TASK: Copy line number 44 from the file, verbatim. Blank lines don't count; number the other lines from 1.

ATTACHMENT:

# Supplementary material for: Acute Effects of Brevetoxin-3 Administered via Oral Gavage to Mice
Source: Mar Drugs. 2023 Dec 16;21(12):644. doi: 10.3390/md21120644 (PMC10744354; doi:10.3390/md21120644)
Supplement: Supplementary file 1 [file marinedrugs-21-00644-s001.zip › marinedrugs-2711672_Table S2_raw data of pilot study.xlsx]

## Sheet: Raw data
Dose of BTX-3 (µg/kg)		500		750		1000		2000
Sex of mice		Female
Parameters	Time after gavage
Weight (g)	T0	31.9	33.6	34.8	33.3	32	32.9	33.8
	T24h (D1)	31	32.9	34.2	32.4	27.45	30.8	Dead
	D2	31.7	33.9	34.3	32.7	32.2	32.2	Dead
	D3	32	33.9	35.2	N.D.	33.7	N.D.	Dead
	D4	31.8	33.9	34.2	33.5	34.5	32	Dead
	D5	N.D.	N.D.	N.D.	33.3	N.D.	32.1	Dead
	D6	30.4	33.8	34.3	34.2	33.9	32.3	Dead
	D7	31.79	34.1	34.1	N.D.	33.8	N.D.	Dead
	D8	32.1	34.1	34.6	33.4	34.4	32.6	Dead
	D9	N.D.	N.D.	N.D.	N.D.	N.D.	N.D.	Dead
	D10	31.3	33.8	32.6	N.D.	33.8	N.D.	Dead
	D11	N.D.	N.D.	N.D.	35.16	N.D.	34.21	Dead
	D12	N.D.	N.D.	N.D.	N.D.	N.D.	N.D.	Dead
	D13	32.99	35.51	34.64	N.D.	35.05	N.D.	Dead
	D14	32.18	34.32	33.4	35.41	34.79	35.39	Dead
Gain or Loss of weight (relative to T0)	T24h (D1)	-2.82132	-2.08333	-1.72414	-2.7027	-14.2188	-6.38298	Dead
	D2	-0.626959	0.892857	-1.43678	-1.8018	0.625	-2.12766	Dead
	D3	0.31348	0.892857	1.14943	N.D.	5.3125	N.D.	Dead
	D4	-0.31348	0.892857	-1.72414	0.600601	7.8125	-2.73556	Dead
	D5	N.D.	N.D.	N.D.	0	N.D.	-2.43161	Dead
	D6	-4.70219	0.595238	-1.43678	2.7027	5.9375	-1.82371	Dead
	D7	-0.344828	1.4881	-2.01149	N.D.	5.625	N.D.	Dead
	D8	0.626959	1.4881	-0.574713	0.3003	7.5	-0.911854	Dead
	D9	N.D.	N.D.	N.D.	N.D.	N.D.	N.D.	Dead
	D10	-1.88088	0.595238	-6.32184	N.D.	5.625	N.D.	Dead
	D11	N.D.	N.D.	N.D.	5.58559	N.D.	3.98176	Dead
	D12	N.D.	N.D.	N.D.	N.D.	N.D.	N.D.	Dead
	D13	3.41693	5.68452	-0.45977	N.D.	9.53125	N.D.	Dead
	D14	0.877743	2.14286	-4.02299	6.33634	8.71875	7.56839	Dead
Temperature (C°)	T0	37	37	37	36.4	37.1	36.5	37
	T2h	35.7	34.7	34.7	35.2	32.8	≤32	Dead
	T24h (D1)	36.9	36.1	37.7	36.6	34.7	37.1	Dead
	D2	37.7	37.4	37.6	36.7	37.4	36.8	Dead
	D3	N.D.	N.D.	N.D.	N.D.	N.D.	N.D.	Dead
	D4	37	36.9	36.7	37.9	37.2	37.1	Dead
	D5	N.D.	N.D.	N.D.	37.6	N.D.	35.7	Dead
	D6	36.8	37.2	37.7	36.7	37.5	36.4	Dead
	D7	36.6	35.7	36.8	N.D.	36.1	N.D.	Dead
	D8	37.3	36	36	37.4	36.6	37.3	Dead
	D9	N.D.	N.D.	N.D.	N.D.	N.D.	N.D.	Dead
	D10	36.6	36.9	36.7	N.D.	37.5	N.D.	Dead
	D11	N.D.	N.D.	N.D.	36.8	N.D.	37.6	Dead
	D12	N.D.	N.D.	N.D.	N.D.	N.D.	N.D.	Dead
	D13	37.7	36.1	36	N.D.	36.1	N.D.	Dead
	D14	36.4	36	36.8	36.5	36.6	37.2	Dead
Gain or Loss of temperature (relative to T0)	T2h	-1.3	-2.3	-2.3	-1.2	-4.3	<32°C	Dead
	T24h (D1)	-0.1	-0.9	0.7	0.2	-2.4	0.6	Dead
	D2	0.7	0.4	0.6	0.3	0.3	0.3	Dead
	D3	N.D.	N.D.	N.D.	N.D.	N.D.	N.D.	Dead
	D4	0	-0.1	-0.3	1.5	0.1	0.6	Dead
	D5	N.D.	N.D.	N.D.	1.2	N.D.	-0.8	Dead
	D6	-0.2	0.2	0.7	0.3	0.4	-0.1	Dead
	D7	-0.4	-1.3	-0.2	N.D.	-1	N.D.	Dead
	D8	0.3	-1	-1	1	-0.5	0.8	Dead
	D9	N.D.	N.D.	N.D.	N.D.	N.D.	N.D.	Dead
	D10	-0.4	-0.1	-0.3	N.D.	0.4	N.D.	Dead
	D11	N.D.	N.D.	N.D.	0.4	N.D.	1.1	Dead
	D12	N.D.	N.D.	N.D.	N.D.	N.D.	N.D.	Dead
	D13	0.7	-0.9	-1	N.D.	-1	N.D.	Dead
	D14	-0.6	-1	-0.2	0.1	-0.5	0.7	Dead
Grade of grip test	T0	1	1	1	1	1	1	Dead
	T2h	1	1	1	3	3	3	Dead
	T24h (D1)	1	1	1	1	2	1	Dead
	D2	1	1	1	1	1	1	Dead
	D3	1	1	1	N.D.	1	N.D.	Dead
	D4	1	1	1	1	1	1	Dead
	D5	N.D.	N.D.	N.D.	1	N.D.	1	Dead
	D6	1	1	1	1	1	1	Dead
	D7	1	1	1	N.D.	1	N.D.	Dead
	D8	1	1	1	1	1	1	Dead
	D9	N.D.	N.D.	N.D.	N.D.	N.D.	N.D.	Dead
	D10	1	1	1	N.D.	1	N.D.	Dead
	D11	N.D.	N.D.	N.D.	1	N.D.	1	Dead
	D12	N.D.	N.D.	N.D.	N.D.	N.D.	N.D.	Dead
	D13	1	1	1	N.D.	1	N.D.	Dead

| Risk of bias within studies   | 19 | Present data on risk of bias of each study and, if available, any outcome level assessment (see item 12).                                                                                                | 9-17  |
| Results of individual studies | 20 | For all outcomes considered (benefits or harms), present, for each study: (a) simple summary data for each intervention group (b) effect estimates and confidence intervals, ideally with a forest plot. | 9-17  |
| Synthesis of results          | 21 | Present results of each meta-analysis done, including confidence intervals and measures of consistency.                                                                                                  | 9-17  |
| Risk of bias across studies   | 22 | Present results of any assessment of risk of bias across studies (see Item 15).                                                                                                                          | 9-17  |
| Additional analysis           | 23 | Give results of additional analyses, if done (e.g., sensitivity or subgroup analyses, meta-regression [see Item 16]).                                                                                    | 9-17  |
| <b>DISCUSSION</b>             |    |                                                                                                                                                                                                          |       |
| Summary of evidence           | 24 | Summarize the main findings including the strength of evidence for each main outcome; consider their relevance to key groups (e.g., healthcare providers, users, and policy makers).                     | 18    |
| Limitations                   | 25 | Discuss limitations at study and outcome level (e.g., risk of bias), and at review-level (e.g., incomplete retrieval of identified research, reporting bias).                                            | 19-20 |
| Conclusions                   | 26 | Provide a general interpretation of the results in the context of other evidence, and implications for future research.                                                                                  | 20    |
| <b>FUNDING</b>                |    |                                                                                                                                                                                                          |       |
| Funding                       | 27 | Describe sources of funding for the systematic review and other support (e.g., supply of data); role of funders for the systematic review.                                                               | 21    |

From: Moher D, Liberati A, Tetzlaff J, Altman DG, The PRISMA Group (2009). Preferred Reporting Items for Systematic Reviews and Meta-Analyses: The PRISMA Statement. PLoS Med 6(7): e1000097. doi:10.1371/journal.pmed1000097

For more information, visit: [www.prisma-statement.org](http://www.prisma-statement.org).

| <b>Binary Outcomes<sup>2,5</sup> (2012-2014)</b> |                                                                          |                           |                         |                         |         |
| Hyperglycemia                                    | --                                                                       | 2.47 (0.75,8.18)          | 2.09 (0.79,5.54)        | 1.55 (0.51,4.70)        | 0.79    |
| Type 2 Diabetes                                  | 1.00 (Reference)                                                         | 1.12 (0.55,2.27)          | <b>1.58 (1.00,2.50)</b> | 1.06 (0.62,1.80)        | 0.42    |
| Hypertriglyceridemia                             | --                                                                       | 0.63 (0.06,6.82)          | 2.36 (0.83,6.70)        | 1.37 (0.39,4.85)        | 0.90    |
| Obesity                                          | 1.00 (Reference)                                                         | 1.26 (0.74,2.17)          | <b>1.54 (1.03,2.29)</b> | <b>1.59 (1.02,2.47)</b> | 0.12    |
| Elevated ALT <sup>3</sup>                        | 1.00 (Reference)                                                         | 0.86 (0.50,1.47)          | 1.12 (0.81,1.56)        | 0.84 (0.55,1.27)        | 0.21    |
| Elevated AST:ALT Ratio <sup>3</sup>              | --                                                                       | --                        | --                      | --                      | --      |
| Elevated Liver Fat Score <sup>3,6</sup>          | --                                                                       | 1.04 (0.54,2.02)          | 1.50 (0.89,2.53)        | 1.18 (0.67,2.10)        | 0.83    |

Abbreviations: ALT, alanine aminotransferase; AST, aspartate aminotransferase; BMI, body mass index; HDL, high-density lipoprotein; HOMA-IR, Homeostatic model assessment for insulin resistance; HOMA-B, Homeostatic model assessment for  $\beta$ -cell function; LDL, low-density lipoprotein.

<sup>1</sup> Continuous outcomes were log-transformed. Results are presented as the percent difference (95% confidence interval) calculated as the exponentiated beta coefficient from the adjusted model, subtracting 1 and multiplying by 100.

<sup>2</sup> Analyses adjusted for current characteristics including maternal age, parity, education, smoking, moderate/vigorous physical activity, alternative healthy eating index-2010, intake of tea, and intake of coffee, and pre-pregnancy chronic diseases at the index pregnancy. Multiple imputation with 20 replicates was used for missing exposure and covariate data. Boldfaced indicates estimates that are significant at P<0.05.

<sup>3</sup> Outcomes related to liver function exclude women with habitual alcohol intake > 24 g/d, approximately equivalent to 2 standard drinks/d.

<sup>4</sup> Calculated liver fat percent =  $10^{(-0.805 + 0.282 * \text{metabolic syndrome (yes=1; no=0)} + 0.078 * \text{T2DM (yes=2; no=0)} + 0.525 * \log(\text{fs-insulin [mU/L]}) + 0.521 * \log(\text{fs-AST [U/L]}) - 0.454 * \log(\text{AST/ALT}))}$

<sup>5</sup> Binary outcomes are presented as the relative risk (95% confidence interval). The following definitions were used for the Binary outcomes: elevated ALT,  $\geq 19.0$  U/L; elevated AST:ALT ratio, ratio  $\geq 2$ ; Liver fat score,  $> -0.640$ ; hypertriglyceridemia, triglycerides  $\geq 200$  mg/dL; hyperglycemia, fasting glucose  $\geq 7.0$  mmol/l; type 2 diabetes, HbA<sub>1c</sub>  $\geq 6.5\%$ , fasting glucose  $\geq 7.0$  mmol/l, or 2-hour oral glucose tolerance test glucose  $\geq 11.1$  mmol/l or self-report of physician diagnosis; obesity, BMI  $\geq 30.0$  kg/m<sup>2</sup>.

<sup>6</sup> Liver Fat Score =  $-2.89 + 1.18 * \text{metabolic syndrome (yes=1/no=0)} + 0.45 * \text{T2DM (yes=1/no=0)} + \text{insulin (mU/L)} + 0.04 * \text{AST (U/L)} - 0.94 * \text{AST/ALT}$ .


	D6	36.8	37.2	37.7	36.7	37.5	36.4	Dead